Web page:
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Publication numberUS5660388 A
Publication typeGrant
Application numberUS 08/502,194
Publication dateAug 26, 1997
Filing dateJul 13, 1995
Priority dateJul 13, 1995
Fee statusLapsed
Publication number08502194, 502194, US 5660388 A, US 5660388A, US-A-5660388, US5660388 A, US5660388A
InventorsArnold Benn
Original AssigneeBenn; Arnold
Export CitationBiBTeX, EndNote, RefMan
External Links: USPTO, USPTO Assignment, Espacenet
Method for playing a three dimensional board game
US 5660388 A
Abstract
A board game comprises a board and a set of movable pieces for each of two players. The board is marked into a matrix of spaces forming a plurality of concentric perimeters, the innermost perimeter surrounding a single central space. Each perimeter comprises a separate level, the outermost perimeter being the lowermost level, and the central space forming the uppermost level. Each level has selected "jumping" spaces. A player may move a piece may only to an adjacent space on the same level, except when (1) the piece is on a jumping space, or (2) another piece is on an adjacent space on the same level, or (3) another piece is on adjacent space on the next higher level. When a piece is on a jumping space, it may jump to the immediately adjacent space on the next higher level. When another piece is on an adjacent space on the same level, the piece to be moved may jump over that piece to the next space on the same level. When another piece is on an adjacent space on the next higher level, the moving piece may jump over that piece to the next space one level above it. If the jumped-over piece is that of the opposing player, it may be moved to any unoccupied space on the lowest level. When a piece reaches the central space, it is removed from play. The first player to remove all of his or her pieces from play wins.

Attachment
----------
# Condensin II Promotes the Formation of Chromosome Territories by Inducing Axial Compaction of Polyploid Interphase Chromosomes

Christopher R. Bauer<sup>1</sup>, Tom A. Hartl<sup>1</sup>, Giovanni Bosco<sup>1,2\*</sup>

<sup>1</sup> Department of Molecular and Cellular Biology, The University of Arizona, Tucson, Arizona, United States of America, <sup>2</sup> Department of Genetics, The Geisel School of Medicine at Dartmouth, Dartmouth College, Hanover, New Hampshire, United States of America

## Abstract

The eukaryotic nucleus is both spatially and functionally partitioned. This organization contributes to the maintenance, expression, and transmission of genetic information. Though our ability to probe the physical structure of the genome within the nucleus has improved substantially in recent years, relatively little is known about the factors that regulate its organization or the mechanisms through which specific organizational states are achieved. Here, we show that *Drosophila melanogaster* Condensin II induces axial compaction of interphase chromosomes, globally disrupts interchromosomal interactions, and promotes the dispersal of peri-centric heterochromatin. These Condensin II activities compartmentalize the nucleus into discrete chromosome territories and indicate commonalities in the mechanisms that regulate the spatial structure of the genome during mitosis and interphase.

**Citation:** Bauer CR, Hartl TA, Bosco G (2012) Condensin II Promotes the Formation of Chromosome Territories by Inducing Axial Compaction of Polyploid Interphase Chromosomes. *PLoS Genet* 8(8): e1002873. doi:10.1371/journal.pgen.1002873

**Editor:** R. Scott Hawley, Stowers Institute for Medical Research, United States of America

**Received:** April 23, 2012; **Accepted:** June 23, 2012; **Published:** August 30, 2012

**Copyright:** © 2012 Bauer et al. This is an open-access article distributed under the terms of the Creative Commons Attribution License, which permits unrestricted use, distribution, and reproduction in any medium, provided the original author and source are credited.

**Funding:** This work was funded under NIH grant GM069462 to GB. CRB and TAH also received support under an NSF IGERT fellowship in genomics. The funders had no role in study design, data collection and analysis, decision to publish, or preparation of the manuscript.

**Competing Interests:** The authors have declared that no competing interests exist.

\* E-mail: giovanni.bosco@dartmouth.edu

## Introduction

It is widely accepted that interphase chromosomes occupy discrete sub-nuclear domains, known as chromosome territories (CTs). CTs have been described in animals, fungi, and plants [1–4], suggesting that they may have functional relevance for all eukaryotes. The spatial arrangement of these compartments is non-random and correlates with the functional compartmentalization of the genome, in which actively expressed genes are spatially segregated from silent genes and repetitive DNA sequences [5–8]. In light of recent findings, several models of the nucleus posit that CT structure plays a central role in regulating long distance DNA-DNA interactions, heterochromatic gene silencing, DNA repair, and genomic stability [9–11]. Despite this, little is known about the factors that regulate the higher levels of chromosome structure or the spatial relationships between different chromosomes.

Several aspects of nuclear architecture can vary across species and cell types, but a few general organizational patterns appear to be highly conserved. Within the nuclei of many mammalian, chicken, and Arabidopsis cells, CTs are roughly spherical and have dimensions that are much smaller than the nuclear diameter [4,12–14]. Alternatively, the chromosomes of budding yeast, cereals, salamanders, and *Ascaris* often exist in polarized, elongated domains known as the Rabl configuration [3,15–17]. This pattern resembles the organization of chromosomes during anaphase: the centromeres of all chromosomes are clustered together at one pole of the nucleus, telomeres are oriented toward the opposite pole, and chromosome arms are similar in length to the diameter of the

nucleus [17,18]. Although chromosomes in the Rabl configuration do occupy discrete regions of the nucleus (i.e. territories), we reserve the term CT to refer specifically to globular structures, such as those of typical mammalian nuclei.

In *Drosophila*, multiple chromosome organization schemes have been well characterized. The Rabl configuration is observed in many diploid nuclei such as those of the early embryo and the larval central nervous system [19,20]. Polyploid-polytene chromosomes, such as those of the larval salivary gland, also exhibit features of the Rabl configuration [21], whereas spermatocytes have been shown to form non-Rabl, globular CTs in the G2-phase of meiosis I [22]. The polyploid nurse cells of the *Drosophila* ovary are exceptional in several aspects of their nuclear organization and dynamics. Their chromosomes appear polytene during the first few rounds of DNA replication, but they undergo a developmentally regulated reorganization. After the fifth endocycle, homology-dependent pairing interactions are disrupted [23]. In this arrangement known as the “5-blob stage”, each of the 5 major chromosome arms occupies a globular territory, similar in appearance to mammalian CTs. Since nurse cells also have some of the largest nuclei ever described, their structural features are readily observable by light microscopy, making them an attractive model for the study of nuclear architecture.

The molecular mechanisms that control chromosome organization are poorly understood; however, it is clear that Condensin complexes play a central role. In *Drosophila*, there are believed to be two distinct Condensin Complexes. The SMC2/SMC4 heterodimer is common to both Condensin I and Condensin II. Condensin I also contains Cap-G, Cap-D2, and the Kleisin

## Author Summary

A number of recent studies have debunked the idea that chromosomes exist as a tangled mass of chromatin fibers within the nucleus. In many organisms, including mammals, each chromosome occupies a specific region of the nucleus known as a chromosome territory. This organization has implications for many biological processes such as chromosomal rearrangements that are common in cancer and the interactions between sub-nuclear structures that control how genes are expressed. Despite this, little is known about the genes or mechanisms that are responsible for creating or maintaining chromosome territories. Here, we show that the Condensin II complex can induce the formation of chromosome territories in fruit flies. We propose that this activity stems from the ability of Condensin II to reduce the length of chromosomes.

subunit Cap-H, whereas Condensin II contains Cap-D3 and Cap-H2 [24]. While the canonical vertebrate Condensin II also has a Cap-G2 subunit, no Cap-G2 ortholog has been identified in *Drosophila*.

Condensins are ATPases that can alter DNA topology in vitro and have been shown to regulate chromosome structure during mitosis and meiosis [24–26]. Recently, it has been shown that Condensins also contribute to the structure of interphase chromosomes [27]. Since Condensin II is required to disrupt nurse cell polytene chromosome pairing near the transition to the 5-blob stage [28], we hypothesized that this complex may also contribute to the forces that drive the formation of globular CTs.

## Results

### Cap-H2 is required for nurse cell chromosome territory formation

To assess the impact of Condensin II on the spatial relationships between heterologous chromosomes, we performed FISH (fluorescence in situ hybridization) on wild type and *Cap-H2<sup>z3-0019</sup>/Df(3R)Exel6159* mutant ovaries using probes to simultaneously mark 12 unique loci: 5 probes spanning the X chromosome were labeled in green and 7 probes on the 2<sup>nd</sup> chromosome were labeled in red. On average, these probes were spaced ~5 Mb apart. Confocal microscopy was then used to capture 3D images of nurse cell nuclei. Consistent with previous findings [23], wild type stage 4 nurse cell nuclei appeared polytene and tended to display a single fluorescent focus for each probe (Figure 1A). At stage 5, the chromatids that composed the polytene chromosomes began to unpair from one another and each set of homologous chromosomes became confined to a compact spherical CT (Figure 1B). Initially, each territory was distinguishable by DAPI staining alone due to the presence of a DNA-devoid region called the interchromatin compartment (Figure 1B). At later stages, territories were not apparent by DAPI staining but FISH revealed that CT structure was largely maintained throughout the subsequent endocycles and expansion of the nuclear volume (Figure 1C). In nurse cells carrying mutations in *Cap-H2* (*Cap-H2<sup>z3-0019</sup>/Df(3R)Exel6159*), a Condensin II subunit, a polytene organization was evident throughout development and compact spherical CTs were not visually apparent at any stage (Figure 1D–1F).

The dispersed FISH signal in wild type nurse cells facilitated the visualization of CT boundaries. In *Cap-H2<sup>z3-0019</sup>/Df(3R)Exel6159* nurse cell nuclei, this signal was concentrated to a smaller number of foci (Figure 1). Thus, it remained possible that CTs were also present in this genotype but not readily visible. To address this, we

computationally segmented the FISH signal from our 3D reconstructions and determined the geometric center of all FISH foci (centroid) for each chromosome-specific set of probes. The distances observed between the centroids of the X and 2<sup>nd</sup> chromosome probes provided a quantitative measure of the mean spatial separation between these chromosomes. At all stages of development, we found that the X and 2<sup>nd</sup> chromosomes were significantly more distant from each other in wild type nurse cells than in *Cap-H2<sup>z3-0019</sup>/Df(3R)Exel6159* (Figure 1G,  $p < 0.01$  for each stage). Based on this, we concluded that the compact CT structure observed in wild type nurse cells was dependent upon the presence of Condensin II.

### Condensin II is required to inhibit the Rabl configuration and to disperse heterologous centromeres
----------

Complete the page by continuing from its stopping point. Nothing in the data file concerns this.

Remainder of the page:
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Claims(4)
What is claimed is:
1. A method of playing a board game by first and second players, comprising the steps of:
(a) providing a game board marked into a pattern of spaces forming a pattern of concentric perimeters, extending from an outermost perimeter to an innermost perimeter, the innermost perimeter surrounding a central space, each perimeter comprising a plurality of contiguous spaces, at least one space of which is distinctively marked as a jumping space;
(b) providing a first plurality of movable pieces for movement on the board by the first player from starting positions in spaces on the outermost perimeter toward the central space;
(c) providing a second plurality of movable pieces for movement on the board by the second player from starting positions in spaces on the outermost perimeter toward the central space;
(d) moving a piece selected alternately from the first and second pluralities in accordance with a predetermined set of rules toward the central space; and
(e) repeating the moving step until all of the pieces of one of the pluralities are moved to the central space;
wherein the moving step comprises the steps of:
(d)(1) moving a piece selected alternately from the first and second pluralities only along a single perimeter until it lands on either (i) a jumping space, or (ii) a space immediately adjacent a space occupied by a stationary piece;
(d)(2) when the selected piece lands on a jumping space, moving the selected piece to the immediately adjacent space on the next innermost perimeter, unless the latter space is occupied by another piece;